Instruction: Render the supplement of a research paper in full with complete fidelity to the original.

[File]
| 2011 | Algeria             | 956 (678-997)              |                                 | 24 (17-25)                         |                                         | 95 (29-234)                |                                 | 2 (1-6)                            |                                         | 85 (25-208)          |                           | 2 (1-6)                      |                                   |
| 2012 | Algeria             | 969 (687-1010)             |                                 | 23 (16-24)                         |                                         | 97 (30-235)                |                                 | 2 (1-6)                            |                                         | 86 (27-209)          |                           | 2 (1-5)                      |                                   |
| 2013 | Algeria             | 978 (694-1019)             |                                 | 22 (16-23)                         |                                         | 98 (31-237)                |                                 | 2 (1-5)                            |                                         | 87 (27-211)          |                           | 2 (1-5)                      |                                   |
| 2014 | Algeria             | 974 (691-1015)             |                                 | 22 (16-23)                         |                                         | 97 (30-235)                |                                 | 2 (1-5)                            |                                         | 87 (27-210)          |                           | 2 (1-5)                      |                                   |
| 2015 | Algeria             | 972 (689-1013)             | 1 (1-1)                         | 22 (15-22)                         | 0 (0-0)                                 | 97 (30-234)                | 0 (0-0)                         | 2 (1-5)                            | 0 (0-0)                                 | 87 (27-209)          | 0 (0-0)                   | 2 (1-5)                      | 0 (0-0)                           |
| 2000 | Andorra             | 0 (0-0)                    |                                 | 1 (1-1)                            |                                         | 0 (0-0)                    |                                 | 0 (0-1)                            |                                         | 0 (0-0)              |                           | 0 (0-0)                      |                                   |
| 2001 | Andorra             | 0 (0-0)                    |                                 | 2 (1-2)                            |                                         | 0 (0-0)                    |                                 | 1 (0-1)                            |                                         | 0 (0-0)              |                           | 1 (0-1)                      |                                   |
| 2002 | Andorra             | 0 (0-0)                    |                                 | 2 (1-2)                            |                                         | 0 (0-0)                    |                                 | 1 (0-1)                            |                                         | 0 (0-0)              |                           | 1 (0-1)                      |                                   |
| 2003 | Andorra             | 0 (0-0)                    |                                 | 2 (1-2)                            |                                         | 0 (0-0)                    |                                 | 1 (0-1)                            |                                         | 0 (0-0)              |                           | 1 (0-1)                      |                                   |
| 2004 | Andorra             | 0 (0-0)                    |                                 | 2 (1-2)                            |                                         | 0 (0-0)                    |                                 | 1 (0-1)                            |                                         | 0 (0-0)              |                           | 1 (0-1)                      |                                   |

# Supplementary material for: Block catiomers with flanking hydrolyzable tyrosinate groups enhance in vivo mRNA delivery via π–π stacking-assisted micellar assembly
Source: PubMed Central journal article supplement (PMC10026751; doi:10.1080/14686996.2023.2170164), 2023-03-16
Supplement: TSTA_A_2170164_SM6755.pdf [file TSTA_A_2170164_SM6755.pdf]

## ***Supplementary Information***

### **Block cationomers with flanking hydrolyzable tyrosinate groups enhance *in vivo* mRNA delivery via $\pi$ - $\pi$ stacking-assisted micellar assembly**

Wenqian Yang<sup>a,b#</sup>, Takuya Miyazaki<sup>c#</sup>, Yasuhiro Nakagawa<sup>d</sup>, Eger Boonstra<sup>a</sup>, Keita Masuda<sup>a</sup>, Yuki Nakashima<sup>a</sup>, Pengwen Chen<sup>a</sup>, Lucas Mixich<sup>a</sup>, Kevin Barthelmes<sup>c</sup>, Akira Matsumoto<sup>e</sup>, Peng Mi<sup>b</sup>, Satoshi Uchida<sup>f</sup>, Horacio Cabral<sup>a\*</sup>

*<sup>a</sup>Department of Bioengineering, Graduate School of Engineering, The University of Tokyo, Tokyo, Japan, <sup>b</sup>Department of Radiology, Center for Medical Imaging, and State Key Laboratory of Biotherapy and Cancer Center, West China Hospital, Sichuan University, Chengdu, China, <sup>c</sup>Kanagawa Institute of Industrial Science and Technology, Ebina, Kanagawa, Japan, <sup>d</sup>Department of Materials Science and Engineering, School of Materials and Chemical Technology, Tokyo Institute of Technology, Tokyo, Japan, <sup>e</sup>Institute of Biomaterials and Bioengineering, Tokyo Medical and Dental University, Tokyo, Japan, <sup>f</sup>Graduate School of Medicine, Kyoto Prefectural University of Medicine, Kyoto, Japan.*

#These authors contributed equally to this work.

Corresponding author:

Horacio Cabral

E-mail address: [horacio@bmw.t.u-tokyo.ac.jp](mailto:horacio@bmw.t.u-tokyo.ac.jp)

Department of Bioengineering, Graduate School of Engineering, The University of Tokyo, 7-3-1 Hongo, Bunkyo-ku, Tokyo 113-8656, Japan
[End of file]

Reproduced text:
| 2011 | Algeria             | 956 (678-997)              |                                 | 24 (17-25)                         |                                         | 95 (29-234)                |                                 | 2 (1-6)                            |                                         | 85 (25-208)          |                           | 2 (1-6)                      |                                   |
| 2012 | Algeria             | 969 (687-1010)             |                                 | 23 (16-24)                         |                                         | 97 (30-235)                |                                 | 2 (1-6)                            |                                         | 86 (27-209)          |                           | 2 (1-5)                      |                                   |
| 2013 | Algeria             | 978 (694-1019)             |                                 | 22 (16-23)                         |                                         | 98 (31-237)                |                                 | 2 (1-5)                            |                                         | 87 (27-211)          |                           | 2 (1-5)                      |                                   |
| 2014 | Algeria             | 974 (691-1015)             |                                 | 22 (16-23)                         |                                         | 97 (30-235)                |                                 | 2 (1-5)                            |                                         | 87 (27-210)          |                           | 2 (1-5)                      |                                   |
| 2015 | Algeria             | 972 (689-1013)             | 1 (1-1)                         | 22 (15-22)                         | 0 (0-0)                                 | 97 (30-234)                | 0 (0-0)                         | 2 (1-5)                            | 0 (0-0)                                 | 87 (27-209)          | 0 (0-0)                   | 2 (1-5)                      | 0 (0-0)                           |
| 2000 | Andorra             | 0 (0-0)                    |                                 | 1 (1-1)                            |                                         | 0 (0-0)                    |                                 | 0 (0-1)                            |                                         | 0 (0-0)              |                           | 0 (0-0)                      |                                   |
| 2001 | Andorra             | 0 (0-0)                    |                                 | 2 (1-2)                            |                                         | 0 (0-0)                    |                                 | 1 (0-1)                            |                                         | 0 (0-0)              |                           | 1 (0-1)                      |                                   |
| 2002 | Andorra             | 0 (0-0)                    |                                 | 2 (1-2)                            |                                         | 0 (0-0)                    |                                 | 1 (0-1)                            |                                         | 0 (0-0)              |                           | 1 (0-1)                      |                                   |
| 2003 | Andorra             | 0 (0-0)                    |                                 | 2 (1-2)                            |                                         | 0 (0-0)                    |                                 | 1 (0-1)                            |                                         | 0 (0-0)              |                           | 1 (0-1)                      |                                   |
| 2004 | Andorra             | 0 (0-0)                    |                                 | 2 (1-2)                            |                                         | 0 (0-0)                    |                                 | 1 (0-1)                            |                                         | 0 (0-0)              |                           | 1 (0-1)                      |                                   |

# Supplementary material for: Block catiomers with flanking hydrolyzable tyrosinate groups enhance in vivo mRNA delivery via π–π stacking-assisted micellar assembly
Source: PubMed Central journal article supplement (PMC10026751; doi:10.1080/14686996.2023.2170164), 2023-03-16
Supplement: TSTA_A_2170164_SM6755.pdf [file TSTA_A_2170164_SM6755.pdf]

## ***Supplementary Information***

### **Block cationomers with flanking hydrolyzable tyrosinate groups enhance *in vivo* mRNA delivery via $\pi$ - $\pi$ stacking-assisted micellar assembly**

Wenqian Yang<sup>a,b#</sup>, Takuya Miyazaki<sup>c#</sup>, Yasuhiro Nakagawa<sup>d</sup>, Eger Boonstra<sup>a</sup>, Keita Masuda<sup>a</sup>, Yuki Nakashima<sup>a</sup>, Pengwen Chen<sup>a</sup>, Lucas Mixich<sup>a</sup>, Kevin Barthelmes<sup>c</sup>, Akira Matsumoto<sup>e</sup>, Peng Mi<sup>b</sup>, Satoshi Uchida<sup>f</sup>, Horacio Cabral<sup>a\*</sup>

*<sup>a</sup>Department of Bioengineering, Graduate School of Engineering, The University of Tokyo, Tokyo, Japan, <sup>b</sup>Department of Radiology, Center for Medical Imaging, and State Key Laboratory of Biotherapy and Cancer Center, West China Hospital, Sichuan University, Chengdu, China, <sup>c</sup>Kanagawa Institute of Industrial Science and Technology, Ebina, Kanagawa, Japan, <sup>d</sup>Department of Materials Science and Engineering, School of Materials and Chemical Technology, Tokyo Institute of Technology, Tokyo, Japan, <sup>e</sup>Institute of Biomaterials and Bioengineering, Tokyo Medical and Dental University, Tokyo, Japan, <sup>f</sup>Graduate School of Medicine, Kyoto Prefectural University of Medicine, Kyoto, Japan.*

#These authors contributed equally to this work.

Corresponding author:

Horacio Cabral

E-mail address: [horacio@bmw.t.u-tokyo.ac.jp](mailto:horacio@bmw.t.u-tokyo.ac.jp)

Department of Bioengineering, Graduate School of Engineering, The University of Tokyo, 7-3-1 Hongo, Bunkyo-ku, Tokyo 113-8656, Japan